Anthony Benjamin

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ANTHONY BENJAMIN (1931-2002) moved to St. Ives in 1956, having had a successful exhibition at Beaux Arts Gallery in London. St. Ives was by then well established as a melting pot for talented British abstract artists.

The influence of Ben Nicholson and Barbara Hepworth had been pre-dominant in the town but by 1956 the “Middle Generation” of Peter Lanyon, Patrick Heron, Bryan Wynter and Terry Frost were becoming well established in Britain as a whole and were soon to be known in New York. Benjamin purchased a house from the artist Sven Berlin who, on the occasion, wrote to his friend Bryan Wynter “Benjamin seems to have that strange fascination that goes with good painting and a vision of life ... if there is anything you can do to help this young painter ... I wish you would”. On his arrival Benjamin was befriended by Peter Lanyon who persuaded him to join the Newlyn Society of Artists, which he had set up as a reaction to the Penwith Society of Arts. Benjamin had his first one man exhibition at the Newlyn Art Gallery in 1958 .

Later in October 1958 Benjamin was offered a French government scholarship to study in Paris where he joined Stanley Hayter’s famous printing studio, Atelier 17. The new techniques he learnt allowed him to produce a group of etchings related to a series of poems by W.S.Graham. Benjamin greatly admired the poet and valued his friendship. Whilst in Paris Benjamin embraced the artistic community, specifically the “Beat Hotel” and produced a number of ambitious paintings with a new looseness no doubt influenced by his encounter with American Abstract Expressionism. He saw a Pollock exhibition but seemed to be most influenced by the Californian living in Paris, Sam Francis, whose use of thinned-down paint Benjamin adopted. The pieces he produced at this time earned praise from Peter Lanyon and prompted him to write about Benjamin to his London dealers, Gimpel Fils.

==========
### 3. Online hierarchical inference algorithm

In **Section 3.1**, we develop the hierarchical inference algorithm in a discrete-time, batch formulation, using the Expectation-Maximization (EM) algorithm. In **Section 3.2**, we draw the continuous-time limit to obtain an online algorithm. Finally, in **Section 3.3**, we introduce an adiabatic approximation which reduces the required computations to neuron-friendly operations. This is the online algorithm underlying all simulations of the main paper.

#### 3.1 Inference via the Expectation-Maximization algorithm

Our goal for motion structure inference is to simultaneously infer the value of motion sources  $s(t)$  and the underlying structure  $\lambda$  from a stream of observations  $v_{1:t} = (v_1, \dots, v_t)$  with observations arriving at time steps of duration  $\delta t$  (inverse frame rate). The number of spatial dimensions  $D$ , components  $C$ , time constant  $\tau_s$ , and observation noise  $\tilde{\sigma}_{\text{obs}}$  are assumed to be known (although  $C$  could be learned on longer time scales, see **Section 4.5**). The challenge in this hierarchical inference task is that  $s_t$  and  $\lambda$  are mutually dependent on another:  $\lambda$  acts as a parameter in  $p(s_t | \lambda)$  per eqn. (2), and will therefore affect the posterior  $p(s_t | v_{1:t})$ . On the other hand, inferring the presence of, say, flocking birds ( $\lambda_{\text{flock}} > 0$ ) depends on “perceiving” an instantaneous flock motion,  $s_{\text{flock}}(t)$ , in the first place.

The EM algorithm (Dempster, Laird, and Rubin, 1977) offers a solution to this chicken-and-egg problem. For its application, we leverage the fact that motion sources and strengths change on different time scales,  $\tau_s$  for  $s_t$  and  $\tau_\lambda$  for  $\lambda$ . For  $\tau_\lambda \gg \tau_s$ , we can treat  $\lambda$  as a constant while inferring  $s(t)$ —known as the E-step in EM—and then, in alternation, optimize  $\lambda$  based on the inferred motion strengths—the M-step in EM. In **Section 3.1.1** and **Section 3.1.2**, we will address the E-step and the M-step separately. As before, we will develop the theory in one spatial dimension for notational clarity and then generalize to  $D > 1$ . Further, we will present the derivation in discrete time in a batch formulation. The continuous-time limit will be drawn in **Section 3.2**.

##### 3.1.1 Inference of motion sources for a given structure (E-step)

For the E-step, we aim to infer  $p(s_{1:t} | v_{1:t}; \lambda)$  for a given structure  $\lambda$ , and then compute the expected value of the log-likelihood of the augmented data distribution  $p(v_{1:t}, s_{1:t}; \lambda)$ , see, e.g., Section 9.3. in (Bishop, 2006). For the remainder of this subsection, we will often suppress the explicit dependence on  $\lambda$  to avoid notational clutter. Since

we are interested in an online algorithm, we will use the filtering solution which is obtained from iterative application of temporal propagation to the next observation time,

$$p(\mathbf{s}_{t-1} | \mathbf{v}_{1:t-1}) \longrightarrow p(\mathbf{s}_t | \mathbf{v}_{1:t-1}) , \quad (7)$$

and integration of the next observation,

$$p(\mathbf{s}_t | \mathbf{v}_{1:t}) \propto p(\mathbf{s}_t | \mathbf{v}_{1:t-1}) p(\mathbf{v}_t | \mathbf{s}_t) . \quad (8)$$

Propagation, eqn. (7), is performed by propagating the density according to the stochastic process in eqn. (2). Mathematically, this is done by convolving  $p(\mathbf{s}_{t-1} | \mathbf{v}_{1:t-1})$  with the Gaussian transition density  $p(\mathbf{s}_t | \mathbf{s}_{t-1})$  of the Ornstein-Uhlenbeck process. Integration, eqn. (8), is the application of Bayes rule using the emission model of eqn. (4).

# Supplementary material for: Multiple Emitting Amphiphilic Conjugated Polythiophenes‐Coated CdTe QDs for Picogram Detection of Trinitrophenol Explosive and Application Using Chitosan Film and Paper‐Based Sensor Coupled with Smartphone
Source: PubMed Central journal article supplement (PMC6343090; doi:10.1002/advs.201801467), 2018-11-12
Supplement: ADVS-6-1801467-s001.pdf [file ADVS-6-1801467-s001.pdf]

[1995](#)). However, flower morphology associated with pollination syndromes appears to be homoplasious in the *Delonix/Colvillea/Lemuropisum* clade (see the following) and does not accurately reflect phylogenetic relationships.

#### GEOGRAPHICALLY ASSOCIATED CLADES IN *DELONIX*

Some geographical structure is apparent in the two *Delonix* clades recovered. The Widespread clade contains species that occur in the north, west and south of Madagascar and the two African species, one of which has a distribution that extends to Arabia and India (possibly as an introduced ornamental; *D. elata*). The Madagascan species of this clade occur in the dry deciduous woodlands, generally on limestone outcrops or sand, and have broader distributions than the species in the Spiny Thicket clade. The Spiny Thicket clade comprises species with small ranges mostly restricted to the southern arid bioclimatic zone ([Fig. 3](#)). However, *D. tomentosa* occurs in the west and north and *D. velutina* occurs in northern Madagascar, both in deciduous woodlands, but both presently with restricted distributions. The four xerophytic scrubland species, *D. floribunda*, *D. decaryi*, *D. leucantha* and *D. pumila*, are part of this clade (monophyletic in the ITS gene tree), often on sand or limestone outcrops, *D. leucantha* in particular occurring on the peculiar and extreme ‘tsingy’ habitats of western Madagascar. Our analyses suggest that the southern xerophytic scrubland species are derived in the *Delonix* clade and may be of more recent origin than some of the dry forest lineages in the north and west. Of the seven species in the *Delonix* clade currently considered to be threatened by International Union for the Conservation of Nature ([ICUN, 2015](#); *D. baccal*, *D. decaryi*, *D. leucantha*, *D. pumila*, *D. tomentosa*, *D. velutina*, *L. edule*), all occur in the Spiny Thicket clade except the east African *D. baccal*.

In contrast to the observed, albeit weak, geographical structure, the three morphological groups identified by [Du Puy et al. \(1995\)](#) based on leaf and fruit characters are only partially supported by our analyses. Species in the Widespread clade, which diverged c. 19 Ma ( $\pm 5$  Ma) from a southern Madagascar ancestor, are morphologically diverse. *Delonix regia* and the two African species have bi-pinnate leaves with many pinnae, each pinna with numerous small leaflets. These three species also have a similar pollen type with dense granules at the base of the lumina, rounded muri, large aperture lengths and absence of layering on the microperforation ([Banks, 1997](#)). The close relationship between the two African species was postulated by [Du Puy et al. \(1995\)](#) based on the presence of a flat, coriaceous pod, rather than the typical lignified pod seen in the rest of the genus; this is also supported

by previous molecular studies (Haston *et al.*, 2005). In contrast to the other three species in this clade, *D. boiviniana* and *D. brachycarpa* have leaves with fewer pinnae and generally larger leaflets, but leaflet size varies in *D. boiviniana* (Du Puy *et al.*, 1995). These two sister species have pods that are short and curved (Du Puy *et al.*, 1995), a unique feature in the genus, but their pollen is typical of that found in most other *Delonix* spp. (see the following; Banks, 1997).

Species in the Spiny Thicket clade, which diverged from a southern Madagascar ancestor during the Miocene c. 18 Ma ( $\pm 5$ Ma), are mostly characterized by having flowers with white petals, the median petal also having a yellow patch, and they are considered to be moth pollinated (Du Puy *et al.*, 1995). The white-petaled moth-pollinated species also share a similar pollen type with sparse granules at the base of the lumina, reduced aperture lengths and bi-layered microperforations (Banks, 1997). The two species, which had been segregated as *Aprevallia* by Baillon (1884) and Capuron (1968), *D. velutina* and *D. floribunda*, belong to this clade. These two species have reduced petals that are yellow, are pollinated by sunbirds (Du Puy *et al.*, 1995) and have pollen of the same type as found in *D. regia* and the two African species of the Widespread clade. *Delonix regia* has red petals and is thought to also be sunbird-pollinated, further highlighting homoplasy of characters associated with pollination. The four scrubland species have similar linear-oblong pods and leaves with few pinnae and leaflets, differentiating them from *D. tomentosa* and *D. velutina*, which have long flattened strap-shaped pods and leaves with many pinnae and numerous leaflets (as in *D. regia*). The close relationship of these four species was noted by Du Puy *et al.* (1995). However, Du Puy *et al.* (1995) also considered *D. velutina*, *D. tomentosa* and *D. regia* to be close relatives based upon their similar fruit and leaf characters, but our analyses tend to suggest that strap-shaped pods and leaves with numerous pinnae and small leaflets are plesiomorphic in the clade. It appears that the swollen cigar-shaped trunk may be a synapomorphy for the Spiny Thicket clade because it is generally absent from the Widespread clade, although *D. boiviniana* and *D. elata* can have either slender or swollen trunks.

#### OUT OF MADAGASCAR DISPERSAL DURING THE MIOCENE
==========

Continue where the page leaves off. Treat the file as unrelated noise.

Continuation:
Benjamin returned from Paris to St. Ives in 1959 to share a studio with Trevor Bell on Porthmeor Beach, next to the visiting Francis Bacon who has borrowed Redgrave’s studio though the winter of 1959-60. It was an thriving period for the many artists in the St. Ives community at this time, with the Americans Mark Rothko and Clement Greenberg also visiting. When Bacon left, after the death of Eddie Craze, his companion Ron handed Benjamin, in the studio next door, many of his unresolved canvases, which prompted Benjamin years later to speculate on the value of the Bacons that underlay some of his own work. The strength of the work produced at this time earned Benjamin his first London one man show at the Obelisk Gallery in 1960 and later at the AIA with Brain Wall and Joe Tilson.

Yet in late 1960 Benjamin left, with the help of a scholarship, for Italy, and like Lanyon, Heron and Bell had earlier, he visited the Abruzzi mountains, Anticoli and the village of Saracinesco, where he developed a new style and direction for his art that was to be unveiled at the Grabowski Gallery in 1962.

On returning from Italy Benjamin’s broad and vigorous painterly gestures, that evoked the movement of the sea, were replaced by quieter and more formal compositions. The quest for the homogenous composition made up of shallow space and forms that fill the canvas was rejected for fragmented compositions with several points of focus. Norman Lynton identified the key stimulus for Benjamin’s revision of his aesthetics and practice as the late Byzantine and Gothic paintings that he had encountered in Italy and in particular Duccio’s Maestà at Siena. Lynton observed that Benjamin was struck by the precious and aesthetic unity of these works. Here was a tradition in the decorative and the expressive were thoroughly synthesised so that the whole pattern/image/object became one vehicle of communication.

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